Everyone has a favourite face cream or treatment, but beautiful skin
starts with nourishment from within. Older cells are constantly shed and replaced by younger ones and a steady supply of micronutrients is essential to support this rapid growth. Eat the correct balance of foods and you'll feed your skin the vital nutrients it needs to help it stay soft, supple and blemish-free.
Eat your five-a-day
Fruit and vegetables contain powerful antioxidants that help to protect skin from the cellular damage caused by free radicals. Free radicals are caused by smoking
, pollution and sunlight and can cause wrinkling and age spots
. Eat a rainbow of colourful fruit and vegetables and aim for at least five portions a day. Betacarotene, found in pumpkin, carrots and sweet potatoes, and lutein, found in kale, papaya and spinach are potent antioxidants, important for normal
skin cell development and healthy skin tone.
Vitamin C is also a super antioxidant. It is needed for a strong immune system, radiant skin and helps blemishes heal
properly. The best sources are blackcurrants, blueberries, broccoli, guava, kiwi fruits, oranges, papaya, strawberries and sweet potatoes. They all help to produce collagen that strengthens the capillaries that supply the skin.
Cut out crash diets
Repeatedly losing and regaining weight can take its toll on your skin, causing sagging, wrinkles
and stretch marks. Crash diets are often short in essential vitamins too. Over long periods of time this type of dieting will reflect on your skin.
Stock up on selenium
Selenium is a powerful antioxidant. It works alongside other antioxidants such as vitamins E and C and is essential for the immune system. Studies suggest that a selenium-rich diet
can help to protect against skin cancer
, sun damage and age spots. One way to boost your intake is to eat Brazil nuts. Just
four nuts will provide the recommended daily amount (RDA). Mix Brazil nuts with other seeds rich in vitamin E as a snack or salad sprinkle. Other good sources are fish, shellfish, eggs, wheatgerm, tomatoes and broccoli.
Vitamin E protects skin from oxidative (cell) damage and supports healthy skin growth. Foods high in vitamin E include almonds, avocado, hazelnuts, pine nuts and sunflower and corn oils.
Skin needs moisture to stay flexible. Even mild dehydration
will cause your skin to look dry, tired and slightly grey. Drink six to eight glasses of water a day - all fluids count towards your daily allowance, but water is the best. If you work in an office
, keep a large bottle of water on your desk to remind you to drink. Herbal, caffeine-free teas are good too. Try to avoid smoking and excessive alcohol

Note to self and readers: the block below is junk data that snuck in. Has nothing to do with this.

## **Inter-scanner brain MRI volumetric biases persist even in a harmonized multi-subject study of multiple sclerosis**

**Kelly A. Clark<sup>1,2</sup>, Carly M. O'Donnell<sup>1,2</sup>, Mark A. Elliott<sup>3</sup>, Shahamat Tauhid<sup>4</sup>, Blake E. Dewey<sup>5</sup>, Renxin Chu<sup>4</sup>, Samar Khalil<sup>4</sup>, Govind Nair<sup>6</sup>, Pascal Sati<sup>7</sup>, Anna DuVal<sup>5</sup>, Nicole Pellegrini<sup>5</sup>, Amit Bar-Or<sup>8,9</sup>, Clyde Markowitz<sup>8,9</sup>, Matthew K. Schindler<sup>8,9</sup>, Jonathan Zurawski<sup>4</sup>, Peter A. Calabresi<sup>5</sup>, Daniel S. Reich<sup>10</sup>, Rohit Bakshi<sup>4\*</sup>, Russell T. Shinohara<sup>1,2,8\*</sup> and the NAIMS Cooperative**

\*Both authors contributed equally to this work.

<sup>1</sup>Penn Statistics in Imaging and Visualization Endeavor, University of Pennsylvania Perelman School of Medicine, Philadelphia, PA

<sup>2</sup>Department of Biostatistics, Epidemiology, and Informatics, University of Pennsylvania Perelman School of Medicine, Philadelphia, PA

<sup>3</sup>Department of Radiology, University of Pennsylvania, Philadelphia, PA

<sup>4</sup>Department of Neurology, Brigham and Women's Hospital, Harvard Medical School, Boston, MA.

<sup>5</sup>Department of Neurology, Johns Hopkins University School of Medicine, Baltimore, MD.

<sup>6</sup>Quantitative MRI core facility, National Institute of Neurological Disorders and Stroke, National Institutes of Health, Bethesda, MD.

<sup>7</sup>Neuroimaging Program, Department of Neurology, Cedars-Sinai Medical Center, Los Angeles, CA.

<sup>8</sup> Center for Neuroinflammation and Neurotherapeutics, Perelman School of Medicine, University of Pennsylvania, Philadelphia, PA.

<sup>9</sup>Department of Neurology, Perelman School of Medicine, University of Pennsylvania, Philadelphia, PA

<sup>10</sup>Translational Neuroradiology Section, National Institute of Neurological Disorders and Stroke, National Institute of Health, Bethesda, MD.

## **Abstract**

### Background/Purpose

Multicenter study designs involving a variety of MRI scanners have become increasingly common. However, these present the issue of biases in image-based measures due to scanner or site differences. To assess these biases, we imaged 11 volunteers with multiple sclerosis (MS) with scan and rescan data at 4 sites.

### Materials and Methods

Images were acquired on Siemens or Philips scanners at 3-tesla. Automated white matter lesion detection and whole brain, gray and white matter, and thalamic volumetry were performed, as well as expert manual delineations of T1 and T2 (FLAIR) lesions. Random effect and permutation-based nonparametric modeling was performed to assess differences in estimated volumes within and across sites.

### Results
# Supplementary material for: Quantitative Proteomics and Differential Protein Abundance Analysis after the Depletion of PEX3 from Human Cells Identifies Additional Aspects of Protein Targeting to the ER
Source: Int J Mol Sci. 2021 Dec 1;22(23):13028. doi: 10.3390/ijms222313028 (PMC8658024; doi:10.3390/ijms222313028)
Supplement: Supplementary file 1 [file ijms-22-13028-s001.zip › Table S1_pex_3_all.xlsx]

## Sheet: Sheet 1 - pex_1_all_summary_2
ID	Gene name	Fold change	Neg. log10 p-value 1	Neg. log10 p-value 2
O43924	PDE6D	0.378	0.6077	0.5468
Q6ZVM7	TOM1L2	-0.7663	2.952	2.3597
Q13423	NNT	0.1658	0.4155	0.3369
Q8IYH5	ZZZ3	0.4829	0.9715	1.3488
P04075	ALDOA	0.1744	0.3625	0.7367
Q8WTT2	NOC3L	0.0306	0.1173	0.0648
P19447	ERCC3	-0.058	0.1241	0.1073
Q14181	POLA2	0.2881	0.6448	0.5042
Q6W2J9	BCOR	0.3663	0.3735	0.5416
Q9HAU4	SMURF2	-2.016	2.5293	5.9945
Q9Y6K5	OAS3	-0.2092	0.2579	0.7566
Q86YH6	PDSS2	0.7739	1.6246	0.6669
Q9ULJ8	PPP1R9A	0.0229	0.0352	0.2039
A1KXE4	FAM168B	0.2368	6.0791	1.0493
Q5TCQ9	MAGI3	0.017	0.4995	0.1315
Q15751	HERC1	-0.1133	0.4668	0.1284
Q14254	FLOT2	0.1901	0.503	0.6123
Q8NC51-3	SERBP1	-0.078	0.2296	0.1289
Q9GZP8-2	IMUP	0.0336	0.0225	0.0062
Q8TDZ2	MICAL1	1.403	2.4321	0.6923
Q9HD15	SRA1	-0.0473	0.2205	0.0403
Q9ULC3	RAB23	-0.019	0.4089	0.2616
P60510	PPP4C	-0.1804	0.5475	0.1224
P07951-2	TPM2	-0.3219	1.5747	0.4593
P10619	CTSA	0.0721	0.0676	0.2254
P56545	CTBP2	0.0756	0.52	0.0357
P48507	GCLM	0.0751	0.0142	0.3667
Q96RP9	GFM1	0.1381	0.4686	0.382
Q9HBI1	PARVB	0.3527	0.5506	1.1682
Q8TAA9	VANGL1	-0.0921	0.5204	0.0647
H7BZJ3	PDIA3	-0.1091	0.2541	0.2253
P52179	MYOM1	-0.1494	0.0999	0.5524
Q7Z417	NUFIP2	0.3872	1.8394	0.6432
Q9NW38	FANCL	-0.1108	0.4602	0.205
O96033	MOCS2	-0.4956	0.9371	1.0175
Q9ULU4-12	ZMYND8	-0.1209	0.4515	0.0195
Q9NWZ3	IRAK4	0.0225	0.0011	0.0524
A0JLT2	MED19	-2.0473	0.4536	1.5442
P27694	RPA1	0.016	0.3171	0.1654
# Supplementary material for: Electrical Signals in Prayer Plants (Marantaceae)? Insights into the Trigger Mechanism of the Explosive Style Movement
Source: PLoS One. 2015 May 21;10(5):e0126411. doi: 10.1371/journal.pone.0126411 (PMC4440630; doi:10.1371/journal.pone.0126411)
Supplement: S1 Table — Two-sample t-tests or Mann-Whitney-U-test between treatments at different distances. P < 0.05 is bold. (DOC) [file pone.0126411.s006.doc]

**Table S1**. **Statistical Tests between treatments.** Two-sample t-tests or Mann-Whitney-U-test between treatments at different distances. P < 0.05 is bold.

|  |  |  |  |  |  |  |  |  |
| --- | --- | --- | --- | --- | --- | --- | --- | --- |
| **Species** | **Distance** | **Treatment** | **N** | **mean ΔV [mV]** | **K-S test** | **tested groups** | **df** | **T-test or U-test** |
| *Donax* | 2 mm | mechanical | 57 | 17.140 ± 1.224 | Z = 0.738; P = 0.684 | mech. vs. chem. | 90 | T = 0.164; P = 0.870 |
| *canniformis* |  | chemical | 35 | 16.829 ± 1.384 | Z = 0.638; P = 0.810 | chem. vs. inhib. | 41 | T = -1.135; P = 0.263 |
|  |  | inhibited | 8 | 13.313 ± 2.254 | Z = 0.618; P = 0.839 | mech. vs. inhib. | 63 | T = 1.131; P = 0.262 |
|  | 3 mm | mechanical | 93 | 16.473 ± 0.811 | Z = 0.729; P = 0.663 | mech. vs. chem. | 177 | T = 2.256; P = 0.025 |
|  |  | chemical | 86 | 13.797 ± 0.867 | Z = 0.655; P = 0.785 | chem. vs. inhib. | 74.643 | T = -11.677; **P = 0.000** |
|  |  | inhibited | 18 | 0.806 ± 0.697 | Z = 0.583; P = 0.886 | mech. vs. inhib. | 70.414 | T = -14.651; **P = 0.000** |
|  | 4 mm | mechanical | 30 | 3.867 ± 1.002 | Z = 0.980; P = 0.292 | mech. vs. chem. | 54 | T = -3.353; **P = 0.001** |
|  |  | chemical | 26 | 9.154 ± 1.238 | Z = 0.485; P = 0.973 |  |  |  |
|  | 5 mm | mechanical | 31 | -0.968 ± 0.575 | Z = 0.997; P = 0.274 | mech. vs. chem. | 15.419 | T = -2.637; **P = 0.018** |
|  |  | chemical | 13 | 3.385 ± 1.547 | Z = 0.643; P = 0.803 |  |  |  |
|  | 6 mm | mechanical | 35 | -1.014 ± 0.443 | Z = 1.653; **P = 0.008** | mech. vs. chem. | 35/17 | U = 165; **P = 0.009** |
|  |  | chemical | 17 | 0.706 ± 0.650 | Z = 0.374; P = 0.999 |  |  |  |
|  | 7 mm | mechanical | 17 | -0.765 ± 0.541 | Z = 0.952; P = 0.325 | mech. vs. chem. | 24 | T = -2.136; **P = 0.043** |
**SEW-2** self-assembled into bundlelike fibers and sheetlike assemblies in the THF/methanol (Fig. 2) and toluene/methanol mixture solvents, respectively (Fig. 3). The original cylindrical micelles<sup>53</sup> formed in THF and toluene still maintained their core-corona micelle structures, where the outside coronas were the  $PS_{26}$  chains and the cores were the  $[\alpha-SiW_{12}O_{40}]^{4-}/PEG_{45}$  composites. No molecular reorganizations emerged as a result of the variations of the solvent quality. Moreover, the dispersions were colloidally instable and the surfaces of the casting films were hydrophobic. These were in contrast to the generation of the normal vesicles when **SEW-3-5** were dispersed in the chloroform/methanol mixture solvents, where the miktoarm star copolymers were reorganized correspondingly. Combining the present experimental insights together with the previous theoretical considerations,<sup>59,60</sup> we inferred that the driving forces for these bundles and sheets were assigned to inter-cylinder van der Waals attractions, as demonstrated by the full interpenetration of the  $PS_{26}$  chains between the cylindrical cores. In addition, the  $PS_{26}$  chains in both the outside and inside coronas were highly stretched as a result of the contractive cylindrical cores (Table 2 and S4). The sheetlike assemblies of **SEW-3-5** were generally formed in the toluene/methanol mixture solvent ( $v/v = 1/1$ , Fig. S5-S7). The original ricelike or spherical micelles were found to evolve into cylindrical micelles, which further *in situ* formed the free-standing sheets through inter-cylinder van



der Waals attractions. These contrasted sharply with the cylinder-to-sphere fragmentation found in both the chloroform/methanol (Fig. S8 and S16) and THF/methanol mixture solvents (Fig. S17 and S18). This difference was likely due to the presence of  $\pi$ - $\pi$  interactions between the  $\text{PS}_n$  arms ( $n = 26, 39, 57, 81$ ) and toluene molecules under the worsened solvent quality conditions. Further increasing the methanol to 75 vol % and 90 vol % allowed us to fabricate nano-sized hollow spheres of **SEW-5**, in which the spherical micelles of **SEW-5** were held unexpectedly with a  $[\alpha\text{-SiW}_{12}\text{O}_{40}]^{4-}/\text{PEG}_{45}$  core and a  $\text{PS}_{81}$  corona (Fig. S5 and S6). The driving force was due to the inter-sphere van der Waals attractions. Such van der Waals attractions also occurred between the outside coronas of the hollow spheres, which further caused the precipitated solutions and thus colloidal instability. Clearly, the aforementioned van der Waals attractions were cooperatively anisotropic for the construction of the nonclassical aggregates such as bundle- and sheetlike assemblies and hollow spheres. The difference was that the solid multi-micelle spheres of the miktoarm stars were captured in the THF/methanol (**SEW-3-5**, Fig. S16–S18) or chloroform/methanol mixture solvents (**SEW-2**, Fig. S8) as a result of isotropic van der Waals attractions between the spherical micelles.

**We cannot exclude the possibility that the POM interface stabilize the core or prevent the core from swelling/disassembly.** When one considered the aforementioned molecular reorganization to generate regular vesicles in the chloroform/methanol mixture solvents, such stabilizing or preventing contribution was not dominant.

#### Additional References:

consumption, both can age the skin.
Don't be afraid of fat
Monounsaturated and polyunsaturated fats - the types found in avocados, fish, nuts and seeds - provide essential fatty acids which act as a natural moisturiser for your skin, keeping it supple. These fats also come packaged with a healthy dose of vitamin E (a vitamin many of us lack), which will help protect against free radical damage.
Eat more phyto-estrogens
Phyto-estrogens are natural chemicals found in plant foods (phyto meaning plant). They have a similar structure to the female sex hormone oestrogen and have been found to help keep our natural hormones in balance. There are different types, some
are found in soya bean products (isoflavones), whereas others are found in the fibre of wholegrains, fruit, vegetables and flax seeds (lignans). Include phyto-estrogen rich soya, wholegrains, fruits and vegetables as part of a balanced diet.
Opt for omega-3
Make sure you get
enough omega-3 and omega-6 fats. These are essential fatty acids which mean they cannot be made in the body and must be obtained through the diet. You will find omega-3s in oily fish and plant sources such as flaxseed oil, linseeds, walnut and rapeseed oil. Omega-3 fats encourage the body to produce anti-inflammatory compounds, which can help skin, particularly inflammatory skin conditions such as eczema
Go for low-GI carbs
Eat plenty of beans, pulses, porridge and other slow-releasing carbohydrates. These release sugar
into the blood stream gradually, providing you with a steady supply of energy and leaving you feeling satisfied for longer and therefore less likely to snack. Avoid high GI carbohydrates like biscuits and sugary drinks, as they lead to production of insulin, which may damage collagen and accelerate wrinkles.
Don't forget zinc
Zinc is involved in the normal functioning of the sebaceous glands in the skin (which produce oil) and helps to repair skin damage and keep skin soft and supple. Zinc-rich foods include fish, lean red meat, wholegrains, poultry, nuts, seeds and shellfish.
Yogurt for Skin Lightening
Lactic acid is a known remedy for natural skin lightening. This acid is the most gentle alpha
hydroxy acids (AHAs). Alpha hydroxy acids act as exfoliants by contributing in rapid shedding of dead skin cells on the surface. This leads to cell renewal which in turn removes dullness from your skin giving you a brightening effect. As a skin lightening agent, lactic
acid helps bleach the hyperpigmented skin by suppressing the production of melanin
. Therefore, using yogurt loaded with lactic acid, makes sense when it comes to skin lightening with natural remedies.
Ways to use yogurt for skin lightening
1. Take some plain, unflavored and unsweetened, yogurt. Rub this gently on to your skin for a couple of minutes. Then leave the yogurt on your skin for another few minutes. Now wash off using lukewarm water. Repeat this daily.
2. Mix yogurt, lemon juice and oatmeal to get make a face mask. Apply this to your skin. Leave it there for 15-20 minutes before washing off with water.
3. Add 1-2 tsp of honey to 1 tablespoon of yogurt. Apply this to your skin. Leave it for 10-15 minutes. Wash off with water. Repeat daily.